Byfuglien comes up big

Jets forward Alexander Burmistrov congratulates teammate Dustin Byfuglien for his goal against the...

Jets forward Alexander Burmistrov congratulates teammate Dustin Byfuglien for his goal against the Capitals at the MTS Centre in Winnipeg, Man., March 16, 2012. (MARIANNE HELM/Getty Images/AFP)

PAUL FRIESEN, QMI Agency

, Last Updated: 12:56 AM ET

WINNIPEG - He rushed the puck with his usual reckless abandon, shook off a leg injury to help shut down Alex Ovechkin and even scored the third-period winner.

Not a bad Friday night at the downtown rink for Winnipeg Jets defenceman Dustin Byfuglien.

That it came in a must-win for the Jets to have a realistic shot at the post-season brought to mind that worn-out cliche about big players coming up big in the biggest games.

Hyperbole be damned — this was the Jets biggest game of the season. But only if it was a loss. Had the Washington Capitals got two clean points, the Jets would have been done like last night’s dinner.

“Driving to the rink it felt like a playoff game,” forward Blake Wheeler said. “Seventy-one degrees, lots of sunshine, people wearing Jets jerseys. There’s nothing better than coming to the rink with your shades on and the sunroof down.”

And nothing like the coolest defenceman on the team laying it on the blue line, in a 3-2 Jets victory.

It was vintage Byfuglien who showed up for this one.

And vintage Byfuglien who came out for the first-star award, played to the crowd with a few bows, then disappeared, leaving the media to go elsewhere for the quote.

“You guys saw a couple years ago Buff was a different player when the playoffs started,” Wheeler said, referencing Byfuglien’s Cup-winning run with Chicago. “Somehow he finds an extra gear. When the chips are down, you want guys like No. 33 on your team.”

Matched up against Ovechkin much of the time, Byfuglien was at his puck-carrying, hard-passing best, despite resting a suspected sore knee during the morning skate, something he’s likely to do a lot down the stretch.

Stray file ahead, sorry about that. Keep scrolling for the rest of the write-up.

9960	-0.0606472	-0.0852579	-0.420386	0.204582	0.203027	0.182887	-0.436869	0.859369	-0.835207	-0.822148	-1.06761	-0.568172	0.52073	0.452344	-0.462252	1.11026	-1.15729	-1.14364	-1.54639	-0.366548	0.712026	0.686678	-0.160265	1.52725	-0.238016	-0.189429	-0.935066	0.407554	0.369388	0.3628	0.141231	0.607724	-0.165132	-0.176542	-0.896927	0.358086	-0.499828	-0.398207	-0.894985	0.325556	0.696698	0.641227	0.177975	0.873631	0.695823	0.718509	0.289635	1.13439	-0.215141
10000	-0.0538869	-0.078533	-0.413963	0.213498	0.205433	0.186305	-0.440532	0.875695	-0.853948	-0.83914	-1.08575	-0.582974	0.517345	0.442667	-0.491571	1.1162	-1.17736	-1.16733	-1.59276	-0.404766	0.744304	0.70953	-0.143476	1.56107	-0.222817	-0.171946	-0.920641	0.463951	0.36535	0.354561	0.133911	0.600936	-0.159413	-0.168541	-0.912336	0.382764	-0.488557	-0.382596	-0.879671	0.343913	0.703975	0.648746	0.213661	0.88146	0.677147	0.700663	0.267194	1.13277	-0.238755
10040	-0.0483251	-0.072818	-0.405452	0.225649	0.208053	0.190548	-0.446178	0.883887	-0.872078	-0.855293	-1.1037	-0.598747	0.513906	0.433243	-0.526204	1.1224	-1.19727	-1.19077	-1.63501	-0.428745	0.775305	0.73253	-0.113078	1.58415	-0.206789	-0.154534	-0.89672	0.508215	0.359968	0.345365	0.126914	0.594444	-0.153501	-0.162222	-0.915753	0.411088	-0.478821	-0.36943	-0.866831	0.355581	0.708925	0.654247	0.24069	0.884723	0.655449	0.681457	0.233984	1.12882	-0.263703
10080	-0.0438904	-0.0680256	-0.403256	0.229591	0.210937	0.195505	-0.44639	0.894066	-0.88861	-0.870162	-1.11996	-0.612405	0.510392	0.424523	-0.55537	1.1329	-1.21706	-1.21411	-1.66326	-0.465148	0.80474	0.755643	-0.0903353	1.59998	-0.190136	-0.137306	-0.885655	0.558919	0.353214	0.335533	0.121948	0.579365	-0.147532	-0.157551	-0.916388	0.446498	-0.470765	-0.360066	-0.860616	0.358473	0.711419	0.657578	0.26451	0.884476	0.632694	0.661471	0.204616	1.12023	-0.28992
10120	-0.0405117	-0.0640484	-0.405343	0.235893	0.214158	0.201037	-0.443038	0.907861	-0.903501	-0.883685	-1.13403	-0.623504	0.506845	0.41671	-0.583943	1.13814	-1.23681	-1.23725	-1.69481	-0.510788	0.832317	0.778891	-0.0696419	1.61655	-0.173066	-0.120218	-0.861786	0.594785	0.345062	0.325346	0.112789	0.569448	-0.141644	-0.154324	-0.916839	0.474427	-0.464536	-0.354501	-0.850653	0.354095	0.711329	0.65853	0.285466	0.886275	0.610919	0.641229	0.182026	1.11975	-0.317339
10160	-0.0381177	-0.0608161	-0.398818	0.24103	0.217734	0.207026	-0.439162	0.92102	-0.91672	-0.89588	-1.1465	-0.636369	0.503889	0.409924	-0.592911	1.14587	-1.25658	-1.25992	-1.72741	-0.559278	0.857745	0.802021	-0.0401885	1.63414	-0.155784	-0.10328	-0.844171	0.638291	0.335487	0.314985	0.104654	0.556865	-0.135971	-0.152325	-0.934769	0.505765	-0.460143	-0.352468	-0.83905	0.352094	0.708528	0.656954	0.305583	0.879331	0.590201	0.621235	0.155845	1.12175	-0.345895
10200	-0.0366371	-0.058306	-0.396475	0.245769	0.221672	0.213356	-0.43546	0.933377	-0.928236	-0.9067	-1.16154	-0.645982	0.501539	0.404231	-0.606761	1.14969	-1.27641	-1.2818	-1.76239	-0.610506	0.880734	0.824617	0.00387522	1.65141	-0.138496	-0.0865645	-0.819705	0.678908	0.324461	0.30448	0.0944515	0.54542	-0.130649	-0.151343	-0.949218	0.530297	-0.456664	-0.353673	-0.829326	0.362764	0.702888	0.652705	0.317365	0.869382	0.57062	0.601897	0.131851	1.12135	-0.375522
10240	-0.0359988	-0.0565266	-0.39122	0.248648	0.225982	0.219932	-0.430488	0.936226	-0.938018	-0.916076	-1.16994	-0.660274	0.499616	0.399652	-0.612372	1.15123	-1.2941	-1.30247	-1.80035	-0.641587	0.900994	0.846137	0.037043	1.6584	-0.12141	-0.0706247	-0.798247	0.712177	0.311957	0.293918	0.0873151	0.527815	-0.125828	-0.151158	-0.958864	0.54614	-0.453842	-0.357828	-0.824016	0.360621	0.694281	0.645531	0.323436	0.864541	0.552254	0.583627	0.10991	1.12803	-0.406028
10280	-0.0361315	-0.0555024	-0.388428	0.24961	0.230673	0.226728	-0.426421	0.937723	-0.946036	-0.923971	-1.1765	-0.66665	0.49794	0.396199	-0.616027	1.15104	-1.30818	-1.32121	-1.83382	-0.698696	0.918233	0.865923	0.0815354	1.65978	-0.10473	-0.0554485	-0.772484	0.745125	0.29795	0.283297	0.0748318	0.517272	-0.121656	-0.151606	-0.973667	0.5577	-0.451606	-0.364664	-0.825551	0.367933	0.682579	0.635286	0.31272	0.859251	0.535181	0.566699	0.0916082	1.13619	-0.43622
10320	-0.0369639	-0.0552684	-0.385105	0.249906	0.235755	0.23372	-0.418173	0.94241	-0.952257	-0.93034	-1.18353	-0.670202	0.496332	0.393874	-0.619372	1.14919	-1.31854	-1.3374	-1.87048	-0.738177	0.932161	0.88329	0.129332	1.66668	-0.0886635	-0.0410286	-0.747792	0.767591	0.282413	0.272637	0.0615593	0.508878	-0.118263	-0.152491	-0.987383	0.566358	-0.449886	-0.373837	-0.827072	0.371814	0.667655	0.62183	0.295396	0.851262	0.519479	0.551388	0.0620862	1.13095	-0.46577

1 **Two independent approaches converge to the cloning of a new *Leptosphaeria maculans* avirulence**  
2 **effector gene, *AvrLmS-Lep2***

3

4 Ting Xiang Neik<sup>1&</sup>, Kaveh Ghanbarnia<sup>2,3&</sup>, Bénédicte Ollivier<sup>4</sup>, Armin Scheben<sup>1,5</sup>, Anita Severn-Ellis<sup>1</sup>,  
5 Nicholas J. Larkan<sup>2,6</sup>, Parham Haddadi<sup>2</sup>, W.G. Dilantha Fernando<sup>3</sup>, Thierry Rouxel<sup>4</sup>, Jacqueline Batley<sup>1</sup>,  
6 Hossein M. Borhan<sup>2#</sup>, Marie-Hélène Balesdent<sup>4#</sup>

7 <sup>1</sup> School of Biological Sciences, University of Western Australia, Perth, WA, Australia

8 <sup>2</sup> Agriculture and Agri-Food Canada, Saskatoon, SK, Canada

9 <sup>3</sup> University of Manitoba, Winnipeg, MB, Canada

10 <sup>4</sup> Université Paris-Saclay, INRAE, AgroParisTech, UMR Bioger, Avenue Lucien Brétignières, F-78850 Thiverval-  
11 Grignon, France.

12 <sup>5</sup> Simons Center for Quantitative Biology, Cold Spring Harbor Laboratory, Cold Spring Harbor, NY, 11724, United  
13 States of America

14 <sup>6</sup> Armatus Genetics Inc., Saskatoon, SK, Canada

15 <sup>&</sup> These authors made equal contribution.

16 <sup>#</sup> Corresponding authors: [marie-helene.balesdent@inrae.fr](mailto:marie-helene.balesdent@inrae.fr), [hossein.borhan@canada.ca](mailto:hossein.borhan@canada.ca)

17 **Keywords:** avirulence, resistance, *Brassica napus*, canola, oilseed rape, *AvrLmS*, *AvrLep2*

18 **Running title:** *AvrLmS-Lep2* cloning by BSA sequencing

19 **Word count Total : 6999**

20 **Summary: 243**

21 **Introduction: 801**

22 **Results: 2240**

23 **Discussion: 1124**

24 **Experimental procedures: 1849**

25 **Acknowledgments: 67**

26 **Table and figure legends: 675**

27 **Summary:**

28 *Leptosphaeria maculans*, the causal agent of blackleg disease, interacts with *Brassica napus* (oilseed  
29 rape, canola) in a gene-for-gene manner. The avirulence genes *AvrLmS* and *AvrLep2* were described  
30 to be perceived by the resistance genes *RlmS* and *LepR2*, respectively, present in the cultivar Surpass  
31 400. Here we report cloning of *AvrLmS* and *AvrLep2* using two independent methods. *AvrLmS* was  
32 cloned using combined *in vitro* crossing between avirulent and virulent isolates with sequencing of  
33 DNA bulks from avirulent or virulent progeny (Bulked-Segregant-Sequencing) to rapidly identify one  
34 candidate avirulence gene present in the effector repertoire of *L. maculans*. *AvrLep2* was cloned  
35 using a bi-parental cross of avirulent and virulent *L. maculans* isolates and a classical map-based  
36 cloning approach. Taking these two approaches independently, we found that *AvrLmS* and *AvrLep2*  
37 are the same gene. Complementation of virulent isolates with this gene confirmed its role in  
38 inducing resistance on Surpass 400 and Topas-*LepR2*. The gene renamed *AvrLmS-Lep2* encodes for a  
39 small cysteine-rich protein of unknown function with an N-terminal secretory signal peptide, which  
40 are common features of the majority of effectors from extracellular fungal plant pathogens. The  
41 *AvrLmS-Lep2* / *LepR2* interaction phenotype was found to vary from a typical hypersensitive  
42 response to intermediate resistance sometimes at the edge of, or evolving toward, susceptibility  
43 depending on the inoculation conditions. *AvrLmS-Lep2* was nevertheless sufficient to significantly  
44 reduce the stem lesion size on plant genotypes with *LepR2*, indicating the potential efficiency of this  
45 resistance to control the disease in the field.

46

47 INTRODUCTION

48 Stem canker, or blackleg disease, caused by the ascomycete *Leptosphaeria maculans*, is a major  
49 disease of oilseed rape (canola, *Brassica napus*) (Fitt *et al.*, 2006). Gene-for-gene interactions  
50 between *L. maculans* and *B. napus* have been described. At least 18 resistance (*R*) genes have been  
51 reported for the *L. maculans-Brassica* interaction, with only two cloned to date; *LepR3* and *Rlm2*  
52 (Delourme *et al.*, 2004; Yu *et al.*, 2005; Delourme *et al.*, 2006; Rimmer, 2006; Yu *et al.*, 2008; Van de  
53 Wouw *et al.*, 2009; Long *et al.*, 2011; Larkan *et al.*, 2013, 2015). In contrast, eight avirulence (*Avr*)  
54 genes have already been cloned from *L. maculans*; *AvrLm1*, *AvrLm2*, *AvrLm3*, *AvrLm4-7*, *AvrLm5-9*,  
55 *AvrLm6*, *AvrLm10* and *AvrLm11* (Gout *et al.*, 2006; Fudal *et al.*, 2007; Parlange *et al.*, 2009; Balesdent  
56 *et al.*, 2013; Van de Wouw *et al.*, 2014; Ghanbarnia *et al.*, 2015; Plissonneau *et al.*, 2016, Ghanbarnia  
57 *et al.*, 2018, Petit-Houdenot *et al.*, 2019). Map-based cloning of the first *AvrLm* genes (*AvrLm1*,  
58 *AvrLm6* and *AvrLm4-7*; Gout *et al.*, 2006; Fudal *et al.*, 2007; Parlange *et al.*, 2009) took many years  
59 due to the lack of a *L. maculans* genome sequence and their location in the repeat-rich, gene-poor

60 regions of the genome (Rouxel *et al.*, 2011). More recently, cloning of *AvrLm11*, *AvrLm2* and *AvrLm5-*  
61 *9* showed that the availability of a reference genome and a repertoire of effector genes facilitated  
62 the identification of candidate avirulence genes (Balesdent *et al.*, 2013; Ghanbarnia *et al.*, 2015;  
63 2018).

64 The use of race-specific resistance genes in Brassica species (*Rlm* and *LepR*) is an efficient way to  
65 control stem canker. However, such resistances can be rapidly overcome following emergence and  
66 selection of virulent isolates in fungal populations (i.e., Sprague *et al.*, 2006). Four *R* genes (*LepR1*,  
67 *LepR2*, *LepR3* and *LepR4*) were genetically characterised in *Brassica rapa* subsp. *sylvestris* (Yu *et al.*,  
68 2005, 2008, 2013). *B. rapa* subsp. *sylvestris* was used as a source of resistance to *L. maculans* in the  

In fact, late in the third it appeared he’d tweaked it, as he limped to the bench after awkwardly avoiding a hit.

By then, though, he’d made his mark, assisting on the Jets first goal and scoring the winner midway through the third period.

“I saw a few of them during our Cup run,” former Blackhawks teammate Andrew Ladd said. “When he’s playing his best he’s shooting from everywhere.”

This one saw the big man jamming the Caps net in front of Tomas Vokoun, a bit like the way he rattled Vancouver’s Roberto Luongo in helping Chicago win it all.

The knee held together enough for Byfuglien to be on the back end for the last nail-biting shift, as the Jets held off a Caps power play with the biggest penalty kill they’ve made this year (there’s that hyperbole again).

With the two points in the bag, though, the focus shifts to the next one.

Because all this did was ensure there will be one with even more on the line, down the line. It prolongs the status-quo. Now, all objects in the front view are larger than they would normally appear.

Beginning Sunday at home against Carolina, and certainly continuing on the road next week in Washington and, to only a slightly lesser degree, Pittsburgh and Nashville.

But those wouldn’t have mattered if this one had seen the Jets implode, or even come up a sliver short.

Their mettle was tested, more than once, particularly when the Caps erased Winnipeg’s 2-1 lead 27 seconds into the third.

Only there was no panic, just a continuation of the stingy style that saw the Jets hold Washington to 22 shots.

“It’s almost better it happened that way,” Wheeler said. “If they tie it with a minute left, it’s probably tougher to come back and win it in the last minute.”

Interesting take, for a team that hasn’t played a game of this magnitude before.

“Everyone was pedal to the metal,” Wheeler said. “That was how playoff games are played.”

Foot on the gas, sunroof down and shades on.

A guy could get used to this.


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